Showing posts with label IBD. Show all posts
Showing posts with label IBD. Show all posts

Tuesday, January 10, 2012

Studying body odor: one step at a time

Unpleasant body odors could be a sign of a disease. But even when the cause of the disease is known - an example is trimethylaminuria or TMAU - there are no one-size-fits-all solutions. Elimination of choline and other essential nutrients from diet can be harmful and unhelpful.  Everyone has their own unique needs, with individual combinations of foods, activities and optimal environmental conditions.

An earlier survey of about 100 body odor and halitosis sufferers indicated stress (34%), food (25%) and environment, including the weather and perfumed products (15%) as main triggers of odors. 23% of sufferers did not know what the trigger was.

Our study seems to have less unknowns. As you see from the picture, 60% of participants have both body odor and halitosis. Only 22% of participants were diagnosed with TMAU, one third has IBS, one third has environmental sensitivities (mostly pollen and mold allergies, but some have dust mite and pet allergies and chemical sensitivities). Over 60% of participants reported sensitivities to specific foods. Most frequent was lactose sensitivity.

It is known that a specific diet, infections and diseases have major impact on variations in human body odor.  Some of our early results on fatty and ammonia types of odors identified a few food ingredients and their maldigestion as potential causes. Our next posts on musty and smoky odors, as well as unpleasant odors in general will tell more.

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And stay tuned for results!

Jan Havlicek, & Pavlina Lenochova (2008). Environmental effects on human body odour Chemical Signals in Vertebrates DOI: 10.1007/978-0-387-73945-8_19

Havlicek, J., & Lenochova, P. (2006). The Effect of Meat Consumption on Body Odor Attractiveness Chemical Senses, 31 (8), 747-752 DOI: 10.1093/chemse/bjl017

Moshkin M, Litvinova N, Litvinova EA, Bedareva A, Lutsyuk A, Gerlinskaya L. Scent Recognition of Infected Status in Humans. J Sex Med. 2011 Dec 6. doi: 10.1111/j.1743-6109.2011.02562.x.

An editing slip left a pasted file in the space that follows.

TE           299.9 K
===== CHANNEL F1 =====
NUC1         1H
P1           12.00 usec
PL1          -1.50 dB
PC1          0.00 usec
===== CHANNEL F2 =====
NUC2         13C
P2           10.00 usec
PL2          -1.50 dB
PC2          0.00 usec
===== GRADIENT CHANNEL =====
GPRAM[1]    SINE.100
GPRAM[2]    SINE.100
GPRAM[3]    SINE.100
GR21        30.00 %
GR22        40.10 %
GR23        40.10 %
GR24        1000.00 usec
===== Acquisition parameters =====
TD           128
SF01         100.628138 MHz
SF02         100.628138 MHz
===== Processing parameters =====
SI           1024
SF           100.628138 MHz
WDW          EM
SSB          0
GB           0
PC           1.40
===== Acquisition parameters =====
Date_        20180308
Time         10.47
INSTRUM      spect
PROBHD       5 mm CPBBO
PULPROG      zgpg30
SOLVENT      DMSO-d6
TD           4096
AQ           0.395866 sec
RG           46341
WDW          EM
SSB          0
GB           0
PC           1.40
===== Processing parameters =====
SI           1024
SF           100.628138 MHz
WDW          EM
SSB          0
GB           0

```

Wednesday, February 2, 2011

Colonoscopy for everyone! ..or Gonna Buy Me A Dog

New research from Japan brings good news: dogs can be almost as accurate as a colonoscopy exam.
In patients with colorectal cancer (CRC) and controls, the sensitivity of canine scent detection of breath samples compared with conventional diagnosis by colonoscopy was 0.91 and the specificity was 0.99.
The sensitivity of canine scent detection of watery stool samples was 0.97 and the specificity was 0.99.
The accuracy of canine scent detection was high even for early cancer. Canine scent detection was not confounded by current smoking, benign colorectal disease or inflammatory disease.  
As simple as that: exhaling 100-200 ml into a breath sampling bag and storing it in a Ziploc bag at 4°C until a trained dog has a change to sniff it can be enough for diagnostics. Just one breath sample! And it was almost as good as a watery stool sample obtained during colonoscopy or this joyous examination itself.

There have been many research studies that dogs, rats and even moth can detect scents pertaining to human disease. Ordinary household dogs can be trained to distinguish breath odors (McCulloch et al 2006). For some cancers, sensitivity can be as high as 100% (Horvath et al 2008).

Unfortunately, sophisticated mass-spectrometry, gas chromatography and software tools interpreting the signals are still not as good as our four-legged friends that are never getting lost in the noise of disease-unrelated flavors.
But we are getting better in identifying specific chemicals responsible for various conditions - from alkanes  - such as pentane in breath of IBD patients and polystyrene foam or aromatic components of petroleum in cancer breath to blends of fatty acids like oleic and linoleic acids forming the smell of death.

Perhaps pet rats will find their use as pocket doctors before men-made sensors are developed to cope with infections, medical conditions, even fear and anxiety that also have a distinctive odor signature. In any case, Dr. Sonoda and his colleagues bring us a reassuring word that not every frequent visitor to the GI doctor's office will have to experience the joys of a colonoscopy.

Sonoda H, Kohnoe S, Yamazato T, Satoh Y, Morizono G, Shikata K, Morita M, Watanabe A, Morita M, Kakeji Y, Inoue F, & Maehara Y (2011). Colorectal cancer screening with odour material by canine scent detection. Gut PMID: 21282130

Other published literature on olfactory signatures in gastrointestinal disease:

Cheu HW, Brown DR, Rowe MI (1989) Breath hydrogen excretion as a screening test for the early diagnosis of necrotizing enterocolitis. Am J Dis Child 1989;143:156–9.

Pelli MA, Trovarelli G,, Capodicasa E, Breath alkanes determination in ulcerative colitis and Crohn's disease. Dis Colon Rectum 1999;42:71–6.

Pelton NS, Tivey DR, Howarth GS, A novel breath test for the non-invasive assessment of small intestinal mucosal injury following methotrexate administration in the rat. Scand J Gastroenterol 2004;9:1015–16.

Tibble JA, Sigthorsson G, Foster R, Use of surrogate markers of inflammation and Rome criteria to distinguish organic from nonorganic intestinal disease. Gastroenterology 2002;123:450–60.